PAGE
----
ISLAMABAD, Pakistan - Twelve people were killed and 35 were wounded Friday morning in a suicide bombing at a western Pakistan hospital, authorities said. The attack occurred at Civil Hospital in the city of Quetta, police said.
Among the dead were four police officers and a TV cameraman, authorities said. Police found the head of the suicide bomber and he appears to around 20 years old.
Lashkar-e-Jhangvi, a banned militant group in Pakistan, has claimed responsibility for the suicide blast, according to group spokesman Ali Sher Haideri. FULL POST
Medivac flights out of Afghanistan and Iraq are now being re-routed from their usual landing point at Ramstein Air Base in Germany where flight operations are shut down due to the volcano in Iceland, according to several U.S. military officials.
All medivac flights are now being diverted to fly directly to Andrews Air Force Base in Washington, D.C. Medivac flights generally leave Afghanistan and Iraq and stop at Ramstein where patients are transferred to the U.S. military hospital at Landstuhl for follow-up on trauma care and stabilization.
Officials say at least one medivac flight is now scheduled to land at Andrews on Saturday on a direct flight from the warzone. It will have to be refueled in mid-air because of the long distance involved. Officials say medical care for the wounded will not be impacted by the change.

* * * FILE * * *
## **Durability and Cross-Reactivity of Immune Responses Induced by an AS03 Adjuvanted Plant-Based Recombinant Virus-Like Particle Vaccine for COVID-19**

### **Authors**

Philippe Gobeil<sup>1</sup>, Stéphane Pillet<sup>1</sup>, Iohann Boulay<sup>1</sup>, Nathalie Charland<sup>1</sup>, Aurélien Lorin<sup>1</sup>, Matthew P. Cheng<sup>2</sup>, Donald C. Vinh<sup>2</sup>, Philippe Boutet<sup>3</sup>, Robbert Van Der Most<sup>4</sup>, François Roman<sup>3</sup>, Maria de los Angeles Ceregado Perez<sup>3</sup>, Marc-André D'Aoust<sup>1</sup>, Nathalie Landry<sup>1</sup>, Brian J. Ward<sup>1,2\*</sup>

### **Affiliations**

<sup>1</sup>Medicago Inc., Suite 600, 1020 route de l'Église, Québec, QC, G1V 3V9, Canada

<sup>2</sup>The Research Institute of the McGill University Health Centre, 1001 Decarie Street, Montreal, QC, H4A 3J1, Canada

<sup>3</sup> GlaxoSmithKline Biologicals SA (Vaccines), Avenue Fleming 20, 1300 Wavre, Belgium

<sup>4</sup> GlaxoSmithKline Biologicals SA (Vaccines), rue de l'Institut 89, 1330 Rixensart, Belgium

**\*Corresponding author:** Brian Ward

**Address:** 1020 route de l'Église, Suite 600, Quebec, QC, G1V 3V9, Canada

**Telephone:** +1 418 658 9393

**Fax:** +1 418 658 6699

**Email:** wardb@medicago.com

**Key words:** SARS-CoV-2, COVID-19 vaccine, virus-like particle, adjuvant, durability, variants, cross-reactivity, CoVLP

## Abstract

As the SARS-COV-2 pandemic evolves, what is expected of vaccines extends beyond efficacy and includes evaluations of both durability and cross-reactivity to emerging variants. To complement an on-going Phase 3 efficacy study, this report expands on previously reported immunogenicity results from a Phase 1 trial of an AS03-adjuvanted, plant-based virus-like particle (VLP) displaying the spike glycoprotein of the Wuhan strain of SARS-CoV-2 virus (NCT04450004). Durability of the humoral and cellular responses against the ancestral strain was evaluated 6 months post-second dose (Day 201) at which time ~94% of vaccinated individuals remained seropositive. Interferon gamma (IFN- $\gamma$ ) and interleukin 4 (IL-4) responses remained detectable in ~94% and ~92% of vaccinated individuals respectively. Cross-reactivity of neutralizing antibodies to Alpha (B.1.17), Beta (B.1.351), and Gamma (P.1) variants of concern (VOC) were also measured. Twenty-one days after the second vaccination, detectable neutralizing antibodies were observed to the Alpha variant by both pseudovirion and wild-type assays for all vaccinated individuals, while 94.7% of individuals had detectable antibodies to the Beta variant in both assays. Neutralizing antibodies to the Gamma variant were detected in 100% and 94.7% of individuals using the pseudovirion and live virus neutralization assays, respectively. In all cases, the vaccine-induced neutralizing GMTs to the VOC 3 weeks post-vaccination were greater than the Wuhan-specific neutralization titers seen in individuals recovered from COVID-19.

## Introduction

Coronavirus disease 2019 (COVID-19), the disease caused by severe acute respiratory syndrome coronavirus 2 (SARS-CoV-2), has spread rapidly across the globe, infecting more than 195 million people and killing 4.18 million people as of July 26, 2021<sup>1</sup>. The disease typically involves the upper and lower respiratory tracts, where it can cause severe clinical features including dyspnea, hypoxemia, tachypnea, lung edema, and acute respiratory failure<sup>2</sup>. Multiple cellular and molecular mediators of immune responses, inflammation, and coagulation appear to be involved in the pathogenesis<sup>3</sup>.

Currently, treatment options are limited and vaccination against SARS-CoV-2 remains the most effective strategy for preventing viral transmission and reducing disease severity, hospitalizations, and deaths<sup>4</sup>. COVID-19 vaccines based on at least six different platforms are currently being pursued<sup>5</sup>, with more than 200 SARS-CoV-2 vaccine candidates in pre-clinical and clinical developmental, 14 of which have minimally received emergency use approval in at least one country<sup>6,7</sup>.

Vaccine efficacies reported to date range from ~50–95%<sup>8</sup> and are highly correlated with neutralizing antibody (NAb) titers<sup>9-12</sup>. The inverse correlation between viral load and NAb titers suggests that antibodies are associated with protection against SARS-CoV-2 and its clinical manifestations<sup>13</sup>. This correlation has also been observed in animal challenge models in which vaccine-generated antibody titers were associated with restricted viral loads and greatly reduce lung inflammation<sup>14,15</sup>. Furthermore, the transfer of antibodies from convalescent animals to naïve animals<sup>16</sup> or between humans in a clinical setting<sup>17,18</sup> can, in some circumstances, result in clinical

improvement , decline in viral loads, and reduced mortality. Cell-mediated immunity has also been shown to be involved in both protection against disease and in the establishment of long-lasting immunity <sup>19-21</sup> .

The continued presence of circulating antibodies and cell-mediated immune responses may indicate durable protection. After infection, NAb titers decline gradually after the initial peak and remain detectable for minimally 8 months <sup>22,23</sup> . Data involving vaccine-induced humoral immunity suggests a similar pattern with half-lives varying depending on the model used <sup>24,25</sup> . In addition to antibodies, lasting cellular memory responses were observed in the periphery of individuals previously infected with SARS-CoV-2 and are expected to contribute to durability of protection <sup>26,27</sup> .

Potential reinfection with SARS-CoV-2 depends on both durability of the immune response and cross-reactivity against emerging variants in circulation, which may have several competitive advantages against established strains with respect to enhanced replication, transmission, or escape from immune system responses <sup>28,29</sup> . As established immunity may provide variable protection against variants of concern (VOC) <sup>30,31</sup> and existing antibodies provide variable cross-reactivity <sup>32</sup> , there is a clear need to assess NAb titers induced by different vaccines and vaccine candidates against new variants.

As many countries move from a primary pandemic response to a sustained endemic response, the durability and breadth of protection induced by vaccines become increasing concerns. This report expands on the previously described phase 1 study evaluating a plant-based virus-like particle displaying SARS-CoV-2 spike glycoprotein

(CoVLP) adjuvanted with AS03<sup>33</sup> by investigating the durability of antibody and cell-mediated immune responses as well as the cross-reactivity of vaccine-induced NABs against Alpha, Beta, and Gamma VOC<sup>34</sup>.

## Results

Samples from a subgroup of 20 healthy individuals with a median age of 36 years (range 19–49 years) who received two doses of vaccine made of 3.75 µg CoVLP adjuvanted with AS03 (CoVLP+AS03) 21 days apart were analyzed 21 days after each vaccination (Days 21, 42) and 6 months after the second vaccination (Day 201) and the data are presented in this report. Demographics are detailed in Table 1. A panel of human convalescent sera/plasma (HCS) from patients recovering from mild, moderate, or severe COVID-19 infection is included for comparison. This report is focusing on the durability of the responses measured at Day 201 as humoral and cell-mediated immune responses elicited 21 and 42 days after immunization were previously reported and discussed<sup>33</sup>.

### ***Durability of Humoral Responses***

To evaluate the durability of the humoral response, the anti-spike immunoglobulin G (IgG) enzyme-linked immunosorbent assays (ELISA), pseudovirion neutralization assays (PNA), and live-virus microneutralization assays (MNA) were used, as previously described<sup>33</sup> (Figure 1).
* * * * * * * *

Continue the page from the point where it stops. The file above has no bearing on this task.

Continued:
Earlier, the U.S. Air Force said that two bases in England, RAF Mildenhall and RAF Lakenheath, will be shut down for at least two days. That means dozens of U.S. Air Force F-15s and other fighter jets and tankers are not flying, and flights to Iraq and Afghanistan flying through that airspace are being diverted to other routes.
Zieba Shorish-Shamley offers a history lesson to people who say a peace settlement with the Taliban in Afghanistan is possible.
She asks them to remember how the Taliban massacred thousands of Afghans, beat women who walked alone in public, stoned to death women accused of adultery and tried to bend everyone to their fanatical form of Islam.
That is how she remembers life under the Taliban. Only force can stop the leaders of such a brutal movement, says Shorish-Shamley, a native of Afghanistan.
In early May, Afghan President Hamid Karzai and the Afghan government will invite a group of people, including tribal elders and parliament members, to discuss ways to reconcile with the Taliban.
“The leaders of the Taliban are not going to come around,” says Shorish-Shamley, founder and director of the Women's Alliance for Peace and Human Rights in Afghanistan.
“Do you think Hitler and the rest of the Nazis would have come to the table to negotiate not killing innocent Jews and invading everyone else’s country?”
Shorish-Shamley takes her cues on dealing with the Taliban from World War II. But some look to other examples from history and get another message: peace is possible in Afghanistan if leaders learn from other countries that found a way forward after years of internal warfare. FULL POST